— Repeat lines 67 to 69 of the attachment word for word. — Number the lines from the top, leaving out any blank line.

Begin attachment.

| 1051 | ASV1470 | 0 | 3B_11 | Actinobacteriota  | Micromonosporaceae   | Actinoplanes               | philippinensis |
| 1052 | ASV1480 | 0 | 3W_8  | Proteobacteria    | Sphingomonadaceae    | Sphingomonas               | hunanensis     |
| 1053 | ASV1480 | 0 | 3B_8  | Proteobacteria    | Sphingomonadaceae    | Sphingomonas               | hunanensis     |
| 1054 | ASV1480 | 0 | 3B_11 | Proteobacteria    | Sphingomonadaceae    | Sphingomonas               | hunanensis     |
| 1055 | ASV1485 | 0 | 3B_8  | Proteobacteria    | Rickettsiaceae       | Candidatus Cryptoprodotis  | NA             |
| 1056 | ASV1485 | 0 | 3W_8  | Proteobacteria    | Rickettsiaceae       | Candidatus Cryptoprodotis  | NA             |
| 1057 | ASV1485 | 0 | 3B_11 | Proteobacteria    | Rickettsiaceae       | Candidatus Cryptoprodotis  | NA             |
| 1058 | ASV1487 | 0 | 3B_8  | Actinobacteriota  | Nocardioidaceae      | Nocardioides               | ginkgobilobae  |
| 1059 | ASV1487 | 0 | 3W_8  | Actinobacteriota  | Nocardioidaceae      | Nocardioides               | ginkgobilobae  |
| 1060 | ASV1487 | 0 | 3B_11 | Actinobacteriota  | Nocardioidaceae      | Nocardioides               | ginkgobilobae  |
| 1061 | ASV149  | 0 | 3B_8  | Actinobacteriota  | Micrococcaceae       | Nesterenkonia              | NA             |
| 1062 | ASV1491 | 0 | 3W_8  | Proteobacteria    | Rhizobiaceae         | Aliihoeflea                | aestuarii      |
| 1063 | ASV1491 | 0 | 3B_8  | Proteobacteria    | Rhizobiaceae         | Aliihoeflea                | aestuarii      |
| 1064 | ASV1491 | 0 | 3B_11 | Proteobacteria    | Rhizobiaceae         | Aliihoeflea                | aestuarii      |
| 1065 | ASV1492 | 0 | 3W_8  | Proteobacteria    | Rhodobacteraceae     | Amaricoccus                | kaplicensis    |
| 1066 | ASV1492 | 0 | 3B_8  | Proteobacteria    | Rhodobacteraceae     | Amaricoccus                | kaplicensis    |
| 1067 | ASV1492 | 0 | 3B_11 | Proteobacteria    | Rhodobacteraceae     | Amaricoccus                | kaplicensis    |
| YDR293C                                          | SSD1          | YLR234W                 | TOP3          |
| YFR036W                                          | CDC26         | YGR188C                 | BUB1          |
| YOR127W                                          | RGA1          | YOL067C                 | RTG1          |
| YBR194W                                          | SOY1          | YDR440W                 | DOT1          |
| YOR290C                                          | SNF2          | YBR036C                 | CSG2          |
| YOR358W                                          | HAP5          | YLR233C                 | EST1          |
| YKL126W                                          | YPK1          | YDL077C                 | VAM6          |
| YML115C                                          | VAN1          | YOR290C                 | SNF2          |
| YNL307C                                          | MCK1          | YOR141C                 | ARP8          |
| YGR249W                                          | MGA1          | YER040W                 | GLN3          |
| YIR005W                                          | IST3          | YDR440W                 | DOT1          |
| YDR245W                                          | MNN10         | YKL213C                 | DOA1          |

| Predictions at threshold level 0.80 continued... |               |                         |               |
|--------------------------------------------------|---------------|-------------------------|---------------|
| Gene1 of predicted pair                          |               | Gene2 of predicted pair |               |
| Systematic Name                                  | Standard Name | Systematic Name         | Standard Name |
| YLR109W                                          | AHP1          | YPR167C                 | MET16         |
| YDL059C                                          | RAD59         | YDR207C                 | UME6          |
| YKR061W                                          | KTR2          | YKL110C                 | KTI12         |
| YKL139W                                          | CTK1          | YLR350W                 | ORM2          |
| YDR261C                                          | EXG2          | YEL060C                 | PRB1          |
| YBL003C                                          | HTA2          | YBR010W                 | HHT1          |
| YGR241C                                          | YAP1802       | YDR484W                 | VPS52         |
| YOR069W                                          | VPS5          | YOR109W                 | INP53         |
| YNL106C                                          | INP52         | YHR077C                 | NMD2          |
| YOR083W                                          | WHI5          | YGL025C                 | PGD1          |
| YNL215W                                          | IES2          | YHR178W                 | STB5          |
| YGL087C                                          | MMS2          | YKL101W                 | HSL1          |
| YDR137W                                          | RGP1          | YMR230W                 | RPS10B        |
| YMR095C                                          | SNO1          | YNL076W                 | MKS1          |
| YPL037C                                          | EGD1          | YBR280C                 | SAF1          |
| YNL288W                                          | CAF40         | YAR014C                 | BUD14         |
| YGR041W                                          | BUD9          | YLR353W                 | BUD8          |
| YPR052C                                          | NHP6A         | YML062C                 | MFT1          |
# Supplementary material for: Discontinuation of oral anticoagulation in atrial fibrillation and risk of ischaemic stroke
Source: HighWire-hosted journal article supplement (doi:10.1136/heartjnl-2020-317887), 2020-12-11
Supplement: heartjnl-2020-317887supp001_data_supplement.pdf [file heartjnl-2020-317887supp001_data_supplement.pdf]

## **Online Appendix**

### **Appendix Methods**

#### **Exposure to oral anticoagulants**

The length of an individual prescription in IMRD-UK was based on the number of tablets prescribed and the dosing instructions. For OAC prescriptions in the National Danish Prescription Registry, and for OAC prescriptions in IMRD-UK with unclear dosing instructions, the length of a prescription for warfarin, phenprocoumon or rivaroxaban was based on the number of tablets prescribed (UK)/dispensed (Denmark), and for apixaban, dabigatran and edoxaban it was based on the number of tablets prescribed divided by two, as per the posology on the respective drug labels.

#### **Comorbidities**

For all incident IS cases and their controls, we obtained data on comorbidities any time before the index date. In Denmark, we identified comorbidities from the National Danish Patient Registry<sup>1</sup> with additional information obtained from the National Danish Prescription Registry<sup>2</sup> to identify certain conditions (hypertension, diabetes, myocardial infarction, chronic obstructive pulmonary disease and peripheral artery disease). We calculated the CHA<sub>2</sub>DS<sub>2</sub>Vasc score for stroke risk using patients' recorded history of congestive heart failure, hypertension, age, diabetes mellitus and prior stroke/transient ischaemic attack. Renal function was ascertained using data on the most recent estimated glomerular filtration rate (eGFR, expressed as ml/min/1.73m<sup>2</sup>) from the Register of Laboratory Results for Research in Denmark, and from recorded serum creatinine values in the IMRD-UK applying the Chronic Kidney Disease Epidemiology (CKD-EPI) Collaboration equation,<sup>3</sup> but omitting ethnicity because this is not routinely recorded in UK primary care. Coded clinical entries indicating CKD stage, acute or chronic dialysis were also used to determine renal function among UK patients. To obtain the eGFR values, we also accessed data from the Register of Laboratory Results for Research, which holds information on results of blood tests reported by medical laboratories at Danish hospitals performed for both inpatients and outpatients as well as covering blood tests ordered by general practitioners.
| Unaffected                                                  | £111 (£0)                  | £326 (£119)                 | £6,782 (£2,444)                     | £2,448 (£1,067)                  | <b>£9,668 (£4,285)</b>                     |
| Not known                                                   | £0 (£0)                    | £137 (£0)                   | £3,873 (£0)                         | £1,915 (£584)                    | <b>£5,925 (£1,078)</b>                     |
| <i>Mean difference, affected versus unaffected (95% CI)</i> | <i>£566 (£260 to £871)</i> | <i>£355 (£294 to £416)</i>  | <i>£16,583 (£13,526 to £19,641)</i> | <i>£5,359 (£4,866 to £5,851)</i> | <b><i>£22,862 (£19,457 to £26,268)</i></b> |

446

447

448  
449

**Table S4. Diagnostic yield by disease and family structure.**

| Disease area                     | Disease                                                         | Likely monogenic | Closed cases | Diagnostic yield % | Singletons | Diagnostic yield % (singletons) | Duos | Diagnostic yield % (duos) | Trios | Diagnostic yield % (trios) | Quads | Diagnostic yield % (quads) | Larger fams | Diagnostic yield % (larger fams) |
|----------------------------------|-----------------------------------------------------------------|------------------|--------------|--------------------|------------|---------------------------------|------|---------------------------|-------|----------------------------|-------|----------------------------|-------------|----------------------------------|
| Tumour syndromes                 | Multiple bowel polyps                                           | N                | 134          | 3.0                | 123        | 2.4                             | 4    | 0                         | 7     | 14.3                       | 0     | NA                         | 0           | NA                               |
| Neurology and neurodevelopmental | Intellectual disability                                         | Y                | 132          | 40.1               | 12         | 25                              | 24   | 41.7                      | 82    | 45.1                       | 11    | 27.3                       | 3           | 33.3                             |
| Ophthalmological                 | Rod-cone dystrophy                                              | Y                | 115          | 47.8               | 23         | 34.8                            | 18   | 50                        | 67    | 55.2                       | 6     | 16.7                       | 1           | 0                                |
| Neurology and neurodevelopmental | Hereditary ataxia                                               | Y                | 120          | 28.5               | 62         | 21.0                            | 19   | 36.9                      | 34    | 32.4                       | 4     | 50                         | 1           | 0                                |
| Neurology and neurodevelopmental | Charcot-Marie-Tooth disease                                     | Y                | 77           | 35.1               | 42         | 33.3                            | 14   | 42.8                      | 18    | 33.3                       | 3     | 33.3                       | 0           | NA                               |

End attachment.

449

**Table S4. Diagnostic yield by disease and family structure.**

| Disease area                     | Disease                                                         | Likely monogenic | Closed cases | Diagnostic yield % | Singletons | Diagnostic yield % (singletons) | Duos | Diagnostic yield % (duos) | Trios | Diagnostic yield % (trios) | Quads | Diagnostic yield % (quads) | Larger fams | Diagnostic yield % (larger fams) |